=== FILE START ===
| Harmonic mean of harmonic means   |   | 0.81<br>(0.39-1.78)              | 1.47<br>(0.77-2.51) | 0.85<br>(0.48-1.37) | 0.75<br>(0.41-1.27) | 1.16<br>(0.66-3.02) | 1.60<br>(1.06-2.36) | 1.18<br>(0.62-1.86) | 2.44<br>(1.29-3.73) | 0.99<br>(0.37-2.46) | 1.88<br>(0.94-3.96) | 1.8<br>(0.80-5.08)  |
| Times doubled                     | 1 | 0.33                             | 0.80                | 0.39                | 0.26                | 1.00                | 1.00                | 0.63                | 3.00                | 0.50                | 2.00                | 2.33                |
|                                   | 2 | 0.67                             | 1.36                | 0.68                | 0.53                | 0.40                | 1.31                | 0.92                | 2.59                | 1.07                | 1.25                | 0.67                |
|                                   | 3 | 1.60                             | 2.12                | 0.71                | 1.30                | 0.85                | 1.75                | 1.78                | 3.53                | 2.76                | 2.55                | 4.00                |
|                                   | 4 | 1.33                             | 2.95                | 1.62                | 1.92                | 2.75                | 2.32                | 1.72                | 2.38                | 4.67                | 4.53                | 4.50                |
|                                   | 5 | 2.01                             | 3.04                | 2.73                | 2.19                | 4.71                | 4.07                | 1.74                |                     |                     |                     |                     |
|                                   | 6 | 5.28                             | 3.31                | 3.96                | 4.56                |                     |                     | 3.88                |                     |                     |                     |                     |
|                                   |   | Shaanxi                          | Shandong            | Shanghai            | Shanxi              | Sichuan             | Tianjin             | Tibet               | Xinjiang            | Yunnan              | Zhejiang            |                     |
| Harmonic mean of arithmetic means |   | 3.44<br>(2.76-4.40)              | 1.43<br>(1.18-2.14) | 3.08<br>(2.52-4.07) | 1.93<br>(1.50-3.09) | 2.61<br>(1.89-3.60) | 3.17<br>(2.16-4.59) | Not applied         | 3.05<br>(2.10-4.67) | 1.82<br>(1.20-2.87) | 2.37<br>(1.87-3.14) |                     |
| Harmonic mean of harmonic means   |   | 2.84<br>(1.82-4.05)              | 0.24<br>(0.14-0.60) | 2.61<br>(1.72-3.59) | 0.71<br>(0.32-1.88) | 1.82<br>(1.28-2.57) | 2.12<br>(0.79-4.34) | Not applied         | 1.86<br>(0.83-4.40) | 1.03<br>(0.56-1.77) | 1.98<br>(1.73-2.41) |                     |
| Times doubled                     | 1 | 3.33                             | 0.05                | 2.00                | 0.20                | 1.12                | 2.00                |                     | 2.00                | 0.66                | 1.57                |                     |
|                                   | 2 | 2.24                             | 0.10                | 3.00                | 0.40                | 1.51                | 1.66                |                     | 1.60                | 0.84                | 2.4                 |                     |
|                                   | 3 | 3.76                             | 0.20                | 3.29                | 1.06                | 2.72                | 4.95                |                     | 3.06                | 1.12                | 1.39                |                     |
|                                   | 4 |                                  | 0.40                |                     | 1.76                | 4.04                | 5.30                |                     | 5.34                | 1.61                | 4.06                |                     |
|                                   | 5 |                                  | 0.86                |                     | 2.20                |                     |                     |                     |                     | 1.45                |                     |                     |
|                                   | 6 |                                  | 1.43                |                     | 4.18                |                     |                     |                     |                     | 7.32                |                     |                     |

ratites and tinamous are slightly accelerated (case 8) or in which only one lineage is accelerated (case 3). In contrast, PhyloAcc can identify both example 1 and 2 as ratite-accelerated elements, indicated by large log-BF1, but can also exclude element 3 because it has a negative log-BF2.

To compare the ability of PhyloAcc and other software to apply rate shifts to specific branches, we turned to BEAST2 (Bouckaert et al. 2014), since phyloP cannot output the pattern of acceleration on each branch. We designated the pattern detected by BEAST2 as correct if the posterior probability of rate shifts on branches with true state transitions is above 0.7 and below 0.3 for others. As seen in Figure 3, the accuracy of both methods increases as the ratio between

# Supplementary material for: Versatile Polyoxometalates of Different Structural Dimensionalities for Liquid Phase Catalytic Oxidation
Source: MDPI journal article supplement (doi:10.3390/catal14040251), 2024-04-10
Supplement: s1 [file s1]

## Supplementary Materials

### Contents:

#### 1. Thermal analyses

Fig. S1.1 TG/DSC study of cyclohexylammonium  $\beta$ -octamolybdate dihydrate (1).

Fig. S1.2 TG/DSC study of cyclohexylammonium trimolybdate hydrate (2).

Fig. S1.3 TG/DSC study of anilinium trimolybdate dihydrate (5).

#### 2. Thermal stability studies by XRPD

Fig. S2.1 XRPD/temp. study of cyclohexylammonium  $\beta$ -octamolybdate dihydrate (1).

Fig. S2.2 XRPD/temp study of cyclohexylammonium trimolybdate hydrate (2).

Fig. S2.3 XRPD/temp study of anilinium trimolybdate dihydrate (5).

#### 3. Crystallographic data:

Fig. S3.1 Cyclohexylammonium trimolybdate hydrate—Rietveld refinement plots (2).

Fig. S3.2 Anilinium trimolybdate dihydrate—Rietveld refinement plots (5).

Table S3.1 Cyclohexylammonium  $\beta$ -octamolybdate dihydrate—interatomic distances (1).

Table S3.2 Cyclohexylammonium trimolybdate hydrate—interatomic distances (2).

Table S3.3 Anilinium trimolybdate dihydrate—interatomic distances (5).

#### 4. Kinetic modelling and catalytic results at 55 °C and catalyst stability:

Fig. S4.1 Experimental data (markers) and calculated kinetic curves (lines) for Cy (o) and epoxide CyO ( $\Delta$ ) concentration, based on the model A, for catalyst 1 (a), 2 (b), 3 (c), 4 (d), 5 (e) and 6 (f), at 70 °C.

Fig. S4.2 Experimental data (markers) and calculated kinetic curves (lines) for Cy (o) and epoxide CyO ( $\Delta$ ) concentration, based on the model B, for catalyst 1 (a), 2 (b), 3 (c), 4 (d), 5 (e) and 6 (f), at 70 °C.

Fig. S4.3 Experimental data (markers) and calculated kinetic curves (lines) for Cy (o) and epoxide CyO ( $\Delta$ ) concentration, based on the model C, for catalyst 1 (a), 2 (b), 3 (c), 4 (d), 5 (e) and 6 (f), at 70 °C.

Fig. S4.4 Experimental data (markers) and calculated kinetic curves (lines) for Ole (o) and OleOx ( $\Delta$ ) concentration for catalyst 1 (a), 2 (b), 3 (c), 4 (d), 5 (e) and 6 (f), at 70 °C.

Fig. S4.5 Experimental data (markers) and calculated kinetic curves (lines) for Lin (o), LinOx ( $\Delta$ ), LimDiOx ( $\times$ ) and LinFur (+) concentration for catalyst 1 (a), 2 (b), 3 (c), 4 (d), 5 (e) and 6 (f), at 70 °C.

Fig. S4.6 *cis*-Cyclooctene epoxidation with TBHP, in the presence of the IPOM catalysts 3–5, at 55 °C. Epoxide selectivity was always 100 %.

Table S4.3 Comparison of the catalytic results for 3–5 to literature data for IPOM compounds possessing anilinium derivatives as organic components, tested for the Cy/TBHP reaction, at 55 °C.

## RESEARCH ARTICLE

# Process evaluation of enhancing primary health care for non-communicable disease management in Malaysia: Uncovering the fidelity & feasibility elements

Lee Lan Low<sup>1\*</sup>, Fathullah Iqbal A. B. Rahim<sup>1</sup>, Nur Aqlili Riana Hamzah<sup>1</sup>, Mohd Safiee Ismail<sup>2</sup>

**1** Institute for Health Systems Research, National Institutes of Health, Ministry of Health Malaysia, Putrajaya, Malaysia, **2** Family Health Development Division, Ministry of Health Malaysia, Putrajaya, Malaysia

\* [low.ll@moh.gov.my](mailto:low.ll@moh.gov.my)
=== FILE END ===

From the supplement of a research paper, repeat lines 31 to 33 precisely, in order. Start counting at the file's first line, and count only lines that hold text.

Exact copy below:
Fig. S2.3 XRPD/temp study of anilinium trimolybdate dihydrate (5).

#### 3. Crystallographic data:

Fig. S3.1 Cyclohexylammonium trimolybdate hydrate—Rietveld refinement plots (2).